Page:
Can courts scrutinize a government’s decision to invoke the notwithstanding clause (section 33 of the Charter)? In Working Families Coalition (Canada) v. Ontario, the Court of Appeal for Ontario provided guidance on how the notwithstanding clause can be invoked, as well as when legislative action may nonetheless face Charter scrutiny.
The Court held that the notwithstanding clause has only formal requirements—courts cannot review a government’s reasons for relying on it. But a 2-1 majority concluded that political advertising spending laws violated democratic rights under section 3 of the Charter, which is not subject to the notwithstanding clause’s constitutional override. Given the important issues raised, and the dissenting judgment, this decision may not be the last word on these issues; the Ontario government has indicated it plans to appeal.
What you need to know
- The Charter’s notwithstanding clause has no “internal limits”—it is properly invoked if all its formal requirements are met. The majority and dissent agreed that there are no “internal limits” on the legislature’s ability to invoke the notwithstanding clause. Rather, governments can invoke it in any circumstance so long as they comply with its formal requirements. Because those requirements were satisfied in this case, the Court had no basis to review the government’s decision to invoke the notwithstanding clause.
- Political advertising spending limits infringed voters’ section 3 rights, which cannot be overridden. The majority held that the impugned political advertising spending limits infringed voters’ section 3 right to meaningful participation in the electoral process. Because the notwithstanding clause overrides sections 2 and 7-15 of the Charter, but not section 3, the Court declared the spending limits unconstitutional.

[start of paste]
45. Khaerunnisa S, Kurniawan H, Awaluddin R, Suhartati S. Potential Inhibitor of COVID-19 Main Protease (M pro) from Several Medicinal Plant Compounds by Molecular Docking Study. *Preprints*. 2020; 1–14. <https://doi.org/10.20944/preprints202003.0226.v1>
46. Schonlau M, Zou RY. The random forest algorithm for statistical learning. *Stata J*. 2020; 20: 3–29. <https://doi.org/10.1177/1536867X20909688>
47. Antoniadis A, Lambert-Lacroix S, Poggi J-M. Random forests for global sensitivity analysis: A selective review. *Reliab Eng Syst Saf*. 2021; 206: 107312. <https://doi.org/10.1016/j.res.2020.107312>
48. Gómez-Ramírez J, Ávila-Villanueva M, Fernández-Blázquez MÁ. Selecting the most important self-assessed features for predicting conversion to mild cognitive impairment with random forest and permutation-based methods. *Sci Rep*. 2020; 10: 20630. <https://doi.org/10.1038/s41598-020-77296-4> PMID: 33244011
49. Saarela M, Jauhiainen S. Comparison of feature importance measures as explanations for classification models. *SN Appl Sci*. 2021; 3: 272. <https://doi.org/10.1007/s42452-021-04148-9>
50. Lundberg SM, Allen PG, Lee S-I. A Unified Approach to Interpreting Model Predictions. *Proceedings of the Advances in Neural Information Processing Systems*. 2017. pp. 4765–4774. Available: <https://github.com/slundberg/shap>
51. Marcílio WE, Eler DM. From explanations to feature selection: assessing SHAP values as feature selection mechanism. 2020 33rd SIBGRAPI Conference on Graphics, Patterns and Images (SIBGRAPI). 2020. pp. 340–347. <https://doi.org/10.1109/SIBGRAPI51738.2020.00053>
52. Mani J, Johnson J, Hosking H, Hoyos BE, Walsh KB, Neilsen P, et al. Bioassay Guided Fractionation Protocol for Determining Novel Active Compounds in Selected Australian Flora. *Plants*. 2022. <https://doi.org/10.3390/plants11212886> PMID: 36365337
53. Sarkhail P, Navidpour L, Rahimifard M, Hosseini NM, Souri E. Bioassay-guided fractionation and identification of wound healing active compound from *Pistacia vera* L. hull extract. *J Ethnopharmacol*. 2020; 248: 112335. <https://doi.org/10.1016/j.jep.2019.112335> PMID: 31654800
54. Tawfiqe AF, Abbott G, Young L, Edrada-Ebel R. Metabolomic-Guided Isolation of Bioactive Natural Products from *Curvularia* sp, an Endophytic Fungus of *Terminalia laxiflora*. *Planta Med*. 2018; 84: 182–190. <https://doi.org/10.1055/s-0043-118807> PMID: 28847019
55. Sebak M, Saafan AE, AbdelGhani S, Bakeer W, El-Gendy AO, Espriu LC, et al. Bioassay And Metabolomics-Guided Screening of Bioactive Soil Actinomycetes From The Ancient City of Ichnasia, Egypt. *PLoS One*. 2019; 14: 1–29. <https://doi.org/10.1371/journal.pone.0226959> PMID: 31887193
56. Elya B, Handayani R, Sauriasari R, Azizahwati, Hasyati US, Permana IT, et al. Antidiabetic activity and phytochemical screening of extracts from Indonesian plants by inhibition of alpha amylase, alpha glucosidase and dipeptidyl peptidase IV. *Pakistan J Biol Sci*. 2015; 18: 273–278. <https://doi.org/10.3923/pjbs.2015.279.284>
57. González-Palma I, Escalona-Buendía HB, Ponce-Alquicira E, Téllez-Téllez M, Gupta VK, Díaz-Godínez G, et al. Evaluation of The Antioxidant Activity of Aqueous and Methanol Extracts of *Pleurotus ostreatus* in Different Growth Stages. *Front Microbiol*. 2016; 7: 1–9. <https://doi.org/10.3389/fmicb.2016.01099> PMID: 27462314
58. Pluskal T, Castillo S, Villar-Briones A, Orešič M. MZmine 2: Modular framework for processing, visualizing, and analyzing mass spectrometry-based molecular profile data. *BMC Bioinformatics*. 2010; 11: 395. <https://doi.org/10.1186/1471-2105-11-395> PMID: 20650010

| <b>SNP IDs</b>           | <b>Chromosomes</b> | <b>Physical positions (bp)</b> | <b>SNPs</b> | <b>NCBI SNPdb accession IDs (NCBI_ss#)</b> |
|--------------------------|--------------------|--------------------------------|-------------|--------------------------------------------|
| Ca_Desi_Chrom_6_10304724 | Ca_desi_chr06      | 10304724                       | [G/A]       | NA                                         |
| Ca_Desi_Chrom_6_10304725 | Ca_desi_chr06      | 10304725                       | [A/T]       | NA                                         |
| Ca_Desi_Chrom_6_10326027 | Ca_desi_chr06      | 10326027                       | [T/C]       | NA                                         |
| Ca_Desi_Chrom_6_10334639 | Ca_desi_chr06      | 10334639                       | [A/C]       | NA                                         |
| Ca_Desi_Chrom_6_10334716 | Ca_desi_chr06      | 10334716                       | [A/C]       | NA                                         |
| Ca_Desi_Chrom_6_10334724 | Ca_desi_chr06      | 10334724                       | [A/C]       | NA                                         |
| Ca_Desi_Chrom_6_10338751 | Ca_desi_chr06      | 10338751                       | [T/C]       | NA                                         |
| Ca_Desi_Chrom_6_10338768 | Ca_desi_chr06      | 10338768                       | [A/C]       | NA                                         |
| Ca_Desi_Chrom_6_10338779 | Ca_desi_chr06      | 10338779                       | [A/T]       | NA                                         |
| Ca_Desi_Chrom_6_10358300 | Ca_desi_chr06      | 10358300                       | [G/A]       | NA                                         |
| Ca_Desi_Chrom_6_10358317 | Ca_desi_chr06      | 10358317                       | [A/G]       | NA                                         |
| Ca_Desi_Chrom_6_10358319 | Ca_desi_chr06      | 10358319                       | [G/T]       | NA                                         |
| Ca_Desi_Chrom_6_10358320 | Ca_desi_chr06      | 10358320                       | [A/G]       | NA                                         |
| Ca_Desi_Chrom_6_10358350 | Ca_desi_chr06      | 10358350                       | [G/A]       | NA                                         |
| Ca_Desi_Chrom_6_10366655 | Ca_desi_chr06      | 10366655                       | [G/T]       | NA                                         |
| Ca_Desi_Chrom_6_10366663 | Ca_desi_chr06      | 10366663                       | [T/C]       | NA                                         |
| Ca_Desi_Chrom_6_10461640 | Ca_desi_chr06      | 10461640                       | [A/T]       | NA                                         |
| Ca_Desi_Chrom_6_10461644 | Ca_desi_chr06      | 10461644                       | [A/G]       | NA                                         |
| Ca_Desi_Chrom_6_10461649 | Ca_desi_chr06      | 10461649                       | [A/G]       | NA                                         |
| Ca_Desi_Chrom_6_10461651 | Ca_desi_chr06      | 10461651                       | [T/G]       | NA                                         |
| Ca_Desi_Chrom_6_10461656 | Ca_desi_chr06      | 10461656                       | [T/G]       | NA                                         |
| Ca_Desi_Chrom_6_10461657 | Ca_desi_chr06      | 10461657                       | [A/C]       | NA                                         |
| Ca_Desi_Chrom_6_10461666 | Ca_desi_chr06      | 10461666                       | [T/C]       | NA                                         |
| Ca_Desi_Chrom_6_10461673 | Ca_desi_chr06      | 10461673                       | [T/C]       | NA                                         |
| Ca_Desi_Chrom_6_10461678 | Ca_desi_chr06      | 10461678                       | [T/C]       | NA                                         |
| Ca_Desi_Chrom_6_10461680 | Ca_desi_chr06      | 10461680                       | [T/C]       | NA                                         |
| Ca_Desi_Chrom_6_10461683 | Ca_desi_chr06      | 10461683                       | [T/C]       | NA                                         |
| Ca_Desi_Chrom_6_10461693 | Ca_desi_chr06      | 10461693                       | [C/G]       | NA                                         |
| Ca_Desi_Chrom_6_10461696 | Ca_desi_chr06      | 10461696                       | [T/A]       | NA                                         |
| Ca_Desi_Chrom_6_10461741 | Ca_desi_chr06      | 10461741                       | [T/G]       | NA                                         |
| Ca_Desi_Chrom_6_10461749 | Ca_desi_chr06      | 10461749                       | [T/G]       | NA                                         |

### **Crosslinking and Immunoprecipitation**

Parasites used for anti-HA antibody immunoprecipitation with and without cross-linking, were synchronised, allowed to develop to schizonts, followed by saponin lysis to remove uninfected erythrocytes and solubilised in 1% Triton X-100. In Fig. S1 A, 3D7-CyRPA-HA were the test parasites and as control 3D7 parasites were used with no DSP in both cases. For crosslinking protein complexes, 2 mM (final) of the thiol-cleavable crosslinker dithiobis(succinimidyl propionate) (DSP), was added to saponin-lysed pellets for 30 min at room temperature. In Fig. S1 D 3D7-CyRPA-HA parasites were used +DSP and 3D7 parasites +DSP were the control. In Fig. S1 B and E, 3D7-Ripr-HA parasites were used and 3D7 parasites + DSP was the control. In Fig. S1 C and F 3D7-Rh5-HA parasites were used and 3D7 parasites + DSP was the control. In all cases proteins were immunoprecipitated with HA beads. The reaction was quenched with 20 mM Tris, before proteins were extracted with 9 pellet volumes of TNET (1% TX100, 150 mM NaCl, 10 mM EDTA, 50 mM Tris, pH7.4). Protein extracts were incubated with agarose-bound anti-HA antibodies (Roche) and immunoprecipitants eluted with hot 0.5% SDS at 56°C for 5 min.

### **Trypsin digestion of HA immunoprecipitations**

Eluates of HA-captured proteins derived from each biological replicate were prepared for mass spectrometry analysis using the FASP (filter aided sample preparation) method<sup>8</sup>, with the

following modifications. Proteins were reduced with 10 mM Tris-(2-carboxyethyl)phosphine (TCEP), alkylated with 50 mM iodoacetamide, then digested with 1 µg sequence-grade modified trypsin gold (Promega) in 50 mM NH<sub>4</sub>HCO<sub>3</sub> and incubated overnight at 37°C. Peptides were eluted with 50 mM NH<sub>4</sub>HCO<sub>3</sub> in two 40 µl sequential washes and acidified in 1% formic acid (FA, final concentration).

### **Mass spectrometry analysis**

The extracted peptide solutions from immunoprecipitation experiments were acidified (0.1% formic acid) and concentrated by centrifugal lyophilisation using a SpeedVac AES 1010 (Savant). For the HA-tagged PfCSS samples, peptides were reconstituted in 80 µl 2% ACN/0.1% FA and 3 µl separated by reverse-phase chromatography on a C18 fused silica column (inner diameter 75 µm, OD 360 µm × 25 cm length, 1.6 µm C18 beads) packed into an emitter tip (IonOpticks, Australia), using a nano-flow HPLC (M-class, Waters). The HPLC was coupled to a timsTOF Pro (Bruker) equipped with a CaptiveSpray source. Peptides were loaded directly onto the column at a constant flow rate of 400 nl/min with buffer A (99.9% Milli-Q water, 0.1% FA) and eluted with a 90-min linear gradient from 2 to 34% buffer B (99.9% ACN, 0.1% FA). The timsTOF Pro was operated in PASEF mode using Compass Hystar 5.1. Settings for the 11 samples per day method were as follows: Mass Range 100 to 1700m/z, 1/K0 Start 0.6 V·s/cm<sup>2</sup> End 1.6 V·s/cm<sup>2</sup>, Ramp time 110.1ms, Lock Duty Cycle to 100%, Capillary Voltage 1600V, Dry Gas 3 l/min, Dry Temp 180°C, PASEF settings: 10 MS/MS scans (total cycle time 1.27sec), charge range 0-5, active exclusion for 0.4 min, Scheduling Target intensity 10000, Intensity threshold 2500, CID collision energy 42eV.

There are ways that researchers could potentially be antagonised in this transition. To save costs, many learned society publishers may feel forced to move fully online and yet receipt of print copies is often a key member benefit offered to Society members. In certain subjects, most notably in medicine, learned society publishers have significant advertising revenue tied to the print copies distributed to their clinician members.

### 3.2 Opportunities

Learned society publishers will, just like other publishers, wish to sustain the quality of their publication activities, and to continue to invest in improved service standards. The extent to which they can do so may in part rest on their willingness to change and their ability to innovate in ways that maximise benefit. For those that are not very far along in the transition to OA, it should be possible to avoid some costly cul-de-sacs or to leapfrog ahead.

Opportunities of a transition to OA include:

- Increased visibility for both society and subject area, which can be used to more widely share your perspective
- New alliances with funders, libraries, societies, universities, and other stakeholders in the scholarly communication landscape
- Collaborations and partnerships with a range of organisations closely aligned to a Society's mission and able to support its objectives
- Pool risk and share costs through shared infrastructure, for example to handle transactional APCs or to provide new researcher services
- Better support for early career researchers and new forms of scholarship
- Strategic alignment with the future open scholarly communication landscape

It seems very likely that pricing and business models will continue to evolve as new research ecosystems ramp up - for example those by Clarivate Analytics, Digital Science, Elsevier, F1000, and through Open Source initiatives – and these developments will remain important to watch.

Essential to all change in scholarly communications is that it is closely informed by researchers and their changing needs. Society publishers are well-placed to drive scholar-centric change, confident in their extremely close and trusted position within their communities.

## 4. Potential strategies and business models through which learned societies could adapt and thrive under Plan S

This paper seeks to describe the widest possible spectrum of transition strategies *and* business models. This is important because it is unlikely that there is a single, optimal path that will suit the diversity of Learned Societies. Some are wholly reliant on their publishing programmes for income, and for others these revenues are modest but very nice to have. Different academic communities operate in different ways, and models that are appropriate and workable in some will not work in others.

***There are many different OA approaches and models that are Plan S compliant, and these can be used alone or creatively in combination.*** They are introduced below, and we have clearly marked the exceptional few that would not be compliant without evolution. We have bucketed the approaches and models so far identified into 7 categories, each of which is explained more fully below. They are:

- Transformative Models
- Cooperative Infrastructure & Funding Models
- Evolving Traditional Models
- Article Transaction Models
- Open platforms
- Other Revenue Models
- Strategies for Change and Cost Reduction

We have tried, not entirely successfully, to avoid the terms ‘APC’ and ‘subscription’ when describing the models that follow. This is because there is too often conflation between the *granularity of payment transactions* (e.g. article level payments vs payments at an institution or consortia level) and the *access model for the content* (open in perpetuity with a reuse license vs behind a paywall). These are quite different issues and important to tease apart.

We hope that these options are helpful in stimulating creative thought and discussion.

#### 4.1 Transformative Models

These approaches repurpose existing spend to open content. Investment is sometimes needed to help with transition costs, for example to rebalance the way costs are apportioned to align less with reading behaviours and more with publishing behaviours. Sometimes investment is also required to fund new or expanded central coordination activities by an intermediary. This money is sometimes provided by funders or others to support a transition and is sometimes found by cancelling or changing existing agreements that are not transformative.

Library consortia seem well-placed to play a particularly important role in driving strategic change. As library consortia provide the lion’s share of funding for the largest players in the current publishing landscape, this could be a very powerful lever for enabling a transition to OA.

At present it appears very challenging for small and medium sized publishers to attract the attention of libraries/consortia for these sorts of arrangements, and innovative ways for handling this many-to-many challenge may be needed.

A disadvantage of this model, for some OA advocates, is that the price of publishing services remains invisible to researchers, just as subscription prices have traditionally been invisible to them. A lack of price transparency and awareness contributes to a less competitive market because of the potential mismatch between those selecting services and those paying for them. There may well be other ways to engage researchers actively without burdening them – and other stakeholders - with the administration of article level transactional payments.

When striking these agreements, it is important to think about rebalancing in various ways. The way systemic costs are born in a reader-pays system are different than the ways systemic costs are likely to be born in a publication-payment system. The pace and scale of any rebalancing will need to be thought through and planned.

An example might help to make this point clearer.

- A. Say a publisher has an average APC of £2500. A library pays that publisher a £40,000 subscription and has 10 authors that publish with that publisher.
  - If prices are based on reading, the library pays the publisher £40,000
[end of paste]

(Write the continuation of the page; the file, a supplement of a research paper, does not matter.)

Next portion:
- Dissent finds no section 3 infringement. The dissenting judge disagreed with the majority’s interpretation of section 3 and held that the spending limits did not infringe the Charter.
Background: third party political advertising spending limits
Ontario’s Election Finances Act (EFA) imposes spending limits on many political actors, including political parties and third parties. In 2017, amendments to the EFA created a $600,000 spending limit for political advertising by a third party in the 6-month period before the writs for a general election. In 2021, the government amended the EFA to extend the pre-writ period of restricted spending from 6 months to 12 months, with no increase to the $600,000 spending cap.
Several parties successfully challenged these EFA amendments as an infringement of freedom of expression under section 2(b) of the Charter. The government responded by enacting an identical version of the amendments, but this time, invoking the notwithstanding clause to insulate the legislation from judicial scrutiny under section 2(b).
The same parties brought a second constitutional challenge to the latest amendments. This time, they alleged that the government had improperly used the notwithstanding clause and that the amendments violated democratic rights under section 3 of the Charter. The application judge disagreed and dismissed the case.
Court of Appeal finds spending limits unconstitutional
On appeal, the Court of Appeal held that the notwithstanding clause was properly invoked but split 2-1 on whether the legislation infringed section 3 of the Charter.